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Family of Bullied Teen Who Committed Suicide Files Lawsuit

By Brian Chase on April 28, 2016 - No comments

bullied teen takes his life

Local boy recently took his life after suffering from school bullying.

The family of a 16-year-old boy with Asperger’s syndrome who killed himself because he was the victim of school bullying, has filed a wrongful death lawsuit against the Chino Valley High School District. According to an NBC Los Angeles news report, the teen, Kennedy LeRoy, left behind a powerful note, a message to the boy who allegedly bullied him and all other bullies about the potentially lethal consequences of their actions. The lawsuit against the school district accuses school administrators of failing to protect the boy from who they said was a relentless bully who made fun of Kennedy’s sexuality.

Lack of Action from School?

The lawsuit, filed 10 months after Kennedy’s suicide, also names the parents of the boy who allegedly bullied Kennedy. The lawsuit alleges that school officials should have stepped in and removed the bully from Kennedy’s class. However, an attorney for the school district said Kennedy and the other boy signed a no contact contract barring them from interacting with one another and that school officials conducted a thorough and reasonable investigation into the matter.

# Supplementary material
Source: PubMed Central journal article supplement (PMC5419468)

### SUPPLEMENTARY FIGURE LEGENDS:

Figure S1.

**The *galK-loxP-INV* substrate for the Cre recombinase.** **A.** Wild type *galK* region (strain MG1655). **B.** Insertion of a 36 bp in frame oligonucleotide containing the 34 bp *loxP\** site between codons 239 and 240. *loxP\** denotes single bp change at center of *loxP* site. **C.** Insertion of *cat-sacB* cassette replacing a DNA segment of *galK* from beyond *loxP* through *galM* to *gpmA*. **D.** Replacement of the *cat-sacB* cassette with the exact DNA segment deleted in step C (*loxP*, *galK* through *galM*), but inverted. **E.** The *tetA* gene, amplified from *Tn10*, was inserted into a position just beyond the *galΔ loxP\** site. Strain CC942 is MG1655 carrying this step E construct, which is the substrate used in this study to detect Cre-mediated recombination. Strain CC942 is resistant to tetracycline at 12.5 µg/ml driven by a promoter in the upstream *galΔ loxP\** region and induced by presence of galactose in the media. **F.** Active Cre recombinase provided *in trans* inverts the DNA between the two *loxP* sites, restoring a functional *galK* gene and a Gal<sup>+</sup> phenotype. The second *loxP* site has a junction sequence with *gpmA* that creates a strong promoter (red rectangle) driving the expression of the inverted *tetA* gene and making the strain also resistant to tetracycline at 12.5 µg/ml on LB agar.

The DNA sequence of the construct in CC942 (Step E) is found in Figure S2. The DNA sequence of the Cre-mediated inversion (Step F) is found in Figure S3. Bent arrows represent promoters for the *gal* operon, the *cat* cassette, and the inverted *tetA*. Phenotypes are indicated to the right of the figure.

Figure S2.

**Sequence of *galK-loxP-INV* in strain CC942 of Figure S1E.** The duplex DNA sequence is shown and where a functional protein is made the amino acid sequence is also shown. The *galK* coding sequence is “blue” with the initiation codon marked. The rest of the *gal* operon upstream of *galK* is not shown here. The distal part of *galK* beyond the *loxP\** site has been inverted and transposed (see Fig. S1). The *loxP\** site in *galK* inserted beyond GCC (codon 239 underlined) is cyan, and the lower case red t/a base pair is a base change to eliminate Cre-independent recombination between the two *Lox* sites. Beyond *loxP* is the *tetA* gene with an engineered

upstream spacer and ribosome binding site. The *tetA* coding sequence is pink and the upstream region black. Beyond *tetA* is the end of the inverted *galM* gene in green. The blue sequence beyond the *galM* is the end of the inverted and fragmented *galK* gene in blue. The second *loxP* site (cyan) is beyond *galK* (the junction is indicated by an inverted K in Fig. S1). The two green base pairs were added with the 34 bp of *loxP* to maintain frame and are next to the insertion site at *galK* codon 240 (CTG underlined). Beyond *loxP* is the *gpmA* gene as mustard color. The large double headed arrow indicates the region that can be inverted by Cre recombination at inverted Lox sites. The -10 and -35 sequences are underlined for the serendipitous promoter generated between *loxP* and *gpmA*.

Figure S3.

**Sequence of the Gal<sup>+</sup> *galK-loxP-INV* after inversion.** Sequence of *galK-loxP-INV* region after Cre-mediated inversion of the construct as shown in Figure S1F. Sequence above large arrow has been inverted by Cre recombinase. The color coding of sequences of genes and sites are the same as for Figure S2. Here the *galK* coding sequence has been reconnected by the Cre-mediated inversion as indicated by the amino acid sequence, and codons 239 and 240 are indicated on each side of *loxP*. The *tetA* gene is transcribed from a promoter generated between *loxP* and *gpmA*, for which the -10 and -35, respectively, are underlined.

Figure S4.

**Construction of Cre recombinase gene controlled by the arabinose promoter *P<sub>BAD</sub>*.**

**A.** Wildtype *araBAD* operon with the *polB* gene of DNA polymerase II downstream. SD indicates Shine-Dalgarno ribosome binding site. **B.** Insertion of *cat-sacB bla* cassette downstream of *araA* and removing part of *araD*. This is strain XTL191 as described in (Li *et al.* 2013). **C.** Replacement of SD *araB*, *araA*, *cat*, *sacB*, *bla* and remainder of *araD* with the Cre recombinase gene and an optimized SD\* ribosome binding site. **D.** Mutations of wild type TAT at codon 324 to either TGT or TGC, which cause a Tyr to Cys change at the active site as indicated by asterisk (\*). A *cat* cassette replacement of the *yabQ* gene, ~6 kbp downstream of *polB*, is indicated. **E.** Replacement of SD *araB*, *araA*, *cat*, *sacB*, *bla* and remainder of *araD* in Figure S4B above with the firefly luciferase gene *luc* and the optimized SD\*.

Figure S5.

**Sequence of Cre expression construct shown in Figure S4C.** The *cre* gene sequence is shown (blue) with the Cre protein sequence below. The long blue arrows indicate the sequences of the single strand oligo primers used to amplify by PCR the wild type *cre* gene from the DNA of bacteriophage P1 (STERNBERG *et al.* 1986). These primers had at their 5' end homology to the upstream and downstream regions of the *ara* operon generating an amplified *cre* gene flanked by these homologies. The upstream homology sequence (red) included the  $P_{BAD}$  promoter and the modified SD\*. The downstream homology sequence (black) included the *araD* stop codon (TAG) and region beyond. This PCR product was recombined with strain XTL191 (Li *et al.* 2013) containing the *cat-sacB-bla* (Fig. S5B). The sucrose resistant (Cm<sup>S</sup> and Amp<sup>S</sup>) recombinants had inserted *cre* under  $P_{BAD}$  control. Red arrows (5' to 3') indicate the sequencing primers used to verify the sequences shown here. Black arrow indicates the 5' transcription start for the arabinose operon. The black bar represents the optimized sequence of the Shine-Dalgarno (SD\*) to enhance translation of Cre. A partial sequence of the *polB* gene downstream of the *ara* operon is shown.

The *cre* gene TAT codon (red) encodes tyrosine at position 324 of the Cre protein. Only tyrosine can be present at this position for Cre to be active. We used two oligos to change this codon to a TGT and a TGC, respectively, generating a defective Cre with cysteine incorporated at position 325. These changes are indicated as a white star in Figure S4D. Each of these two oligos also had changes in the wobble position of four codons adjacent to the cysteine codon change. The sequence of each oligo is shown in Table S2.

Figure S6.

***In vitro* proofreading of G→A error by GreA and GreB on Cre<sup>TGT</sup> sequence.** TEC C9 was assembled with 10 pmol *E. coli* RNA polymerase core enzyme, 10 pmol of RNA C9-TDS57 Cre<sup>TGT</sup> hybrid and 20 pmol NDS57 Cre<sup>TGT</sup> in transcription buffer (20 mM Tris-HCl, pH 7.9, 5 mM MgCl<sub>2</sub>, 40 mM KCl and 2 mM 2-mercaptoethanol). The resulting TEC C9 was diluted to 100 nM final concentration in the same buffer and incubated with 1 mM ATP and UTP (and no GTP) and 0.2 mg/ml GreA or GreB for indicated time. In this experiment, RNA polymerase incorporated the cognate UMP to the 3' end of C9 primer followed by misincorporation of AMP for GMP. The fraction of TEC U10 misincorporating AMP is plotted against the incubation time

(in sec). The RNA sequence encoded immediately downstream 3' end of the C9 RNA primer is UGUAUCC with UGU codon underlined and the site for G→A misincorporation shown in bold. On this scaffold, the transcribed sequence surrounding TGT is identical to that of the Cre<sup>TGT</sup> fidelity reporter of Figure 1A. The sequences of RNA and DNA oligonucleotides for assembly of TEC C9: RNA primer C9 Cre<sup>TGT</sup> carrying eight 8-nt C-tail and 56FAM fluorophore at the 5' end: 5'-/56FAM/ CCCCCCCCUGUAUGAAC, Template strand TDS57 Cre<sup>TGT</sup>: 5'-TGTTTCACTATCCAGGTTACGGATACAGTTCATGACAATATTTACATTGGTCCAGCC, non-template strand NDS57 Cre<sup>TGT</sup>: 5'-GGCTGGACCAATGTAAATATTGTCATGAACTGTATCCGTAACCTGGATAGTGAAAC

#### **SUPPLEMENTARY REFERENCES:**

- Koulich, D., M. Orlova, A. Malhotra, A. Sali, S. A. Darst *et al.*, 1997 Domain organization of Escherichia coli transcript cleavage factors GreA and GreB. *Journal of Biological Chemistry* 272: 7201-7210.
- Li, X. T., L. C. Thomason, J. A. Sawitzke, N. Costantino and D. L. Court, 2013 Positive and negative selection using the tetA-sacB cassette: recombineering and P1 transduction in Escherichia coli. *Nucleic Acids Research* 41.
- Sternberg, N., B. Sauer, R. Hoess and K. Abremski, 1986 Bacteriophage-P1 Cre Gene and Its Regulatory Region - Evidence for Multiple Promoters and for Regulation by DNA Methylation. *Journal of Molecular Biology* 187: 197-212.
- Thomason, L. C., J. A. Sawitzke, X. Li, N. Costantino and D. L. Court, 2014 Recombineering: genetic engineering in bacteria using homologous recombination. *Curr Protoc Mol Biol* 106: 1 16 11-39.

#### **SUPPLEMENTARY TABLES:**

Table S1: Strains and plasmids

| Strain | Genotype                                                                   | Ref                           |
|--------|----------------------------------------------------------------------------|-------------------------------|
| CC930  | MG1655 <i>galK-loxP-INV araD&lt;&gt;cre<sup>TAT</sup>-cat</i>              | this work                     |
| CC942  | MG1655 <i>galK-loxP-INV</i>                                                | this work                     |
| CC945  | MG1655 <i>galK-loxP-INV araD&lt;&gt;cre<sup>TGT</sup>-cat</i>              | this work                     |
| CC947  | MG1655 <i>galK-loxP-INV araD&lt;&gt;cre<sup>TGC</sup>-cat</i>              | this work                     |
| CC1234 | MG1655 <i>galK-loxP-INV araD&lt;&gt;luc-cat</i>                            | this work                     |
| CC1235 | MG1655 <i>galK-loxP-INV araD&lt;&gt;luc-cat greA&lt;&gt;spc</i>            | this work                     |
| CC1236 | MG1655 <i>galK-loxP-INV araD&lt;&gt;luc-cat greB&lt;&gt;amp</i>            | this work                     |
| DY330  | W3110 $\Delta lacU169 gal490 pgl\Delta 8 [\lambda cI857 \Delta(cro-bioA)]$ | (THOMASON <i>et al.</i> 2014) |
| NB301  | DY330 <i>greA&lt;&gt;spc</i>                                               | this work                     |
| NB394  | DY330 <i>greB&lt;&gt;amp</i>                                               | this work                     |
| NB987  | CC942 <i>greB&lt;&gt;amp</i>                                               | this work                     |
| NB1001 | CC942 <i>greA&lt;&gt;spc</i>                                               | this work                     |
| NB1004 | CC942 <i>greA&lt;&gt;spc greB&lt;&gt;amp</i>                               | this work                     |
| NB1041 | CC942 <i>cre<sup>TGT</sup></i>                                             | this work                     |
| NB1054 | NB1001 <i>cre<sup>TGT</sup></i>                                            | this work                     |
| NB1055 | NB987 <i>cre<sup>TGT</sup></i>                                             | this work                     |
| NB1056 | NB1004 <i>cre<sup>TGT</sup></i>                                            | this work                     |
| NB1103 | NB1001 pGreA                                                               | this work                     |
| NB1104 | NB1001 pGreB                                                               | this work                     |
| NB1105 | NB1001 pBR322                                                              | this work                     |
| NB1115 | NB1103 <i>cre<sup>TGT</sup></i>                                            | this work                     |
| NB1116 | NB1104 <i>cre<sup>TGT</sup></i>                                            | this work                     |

Our hearts go out not only to Kennedy LeRoy’s family, but also many other children in California and elsewhere who are facing his problem on a daily basis.

School Bullying and Suicide

Studies have shown a strong link between school bullying and suicide. Though many adults see bullying as “just a part of being a kid,” it can be a serious problem. The statistics on bullying and suicide are alarming. According to the U.S. Centers for Disease Control and Prevention, suicide is the third leading cause of death among young people resulting in about 4,400 deaths a year.

For every suicide among young people, there are at least 100 suicide attempts. Also, victims of school bullying are between two to nine times more likely to consider suicide than non-victims, a Yale University study shows. Nearly 30 percent of students are either bullies or victims of bullying and nearly 160,000 children stay home from school every day in the U.S. because of bullying.

What Can Parents Do?

• Take all threats of suicide seriously. Get help immediately.
• Keep weapons and medications away from the reach of a child who is at risk for suicide.
• Encourage your child to talk about bullying that takes place. Show them love and support.
• Be a part of your child’s social networking sites so you can see if someone is bullying your child online.
• If you observe a problem, talk to school authorities. California has anti-bullying laws in place.
• Contact a California school bullying lawyer to obtain more information about protecting your child’s rights.

Posted in: Premises Liability

About the Author: Brian Chase

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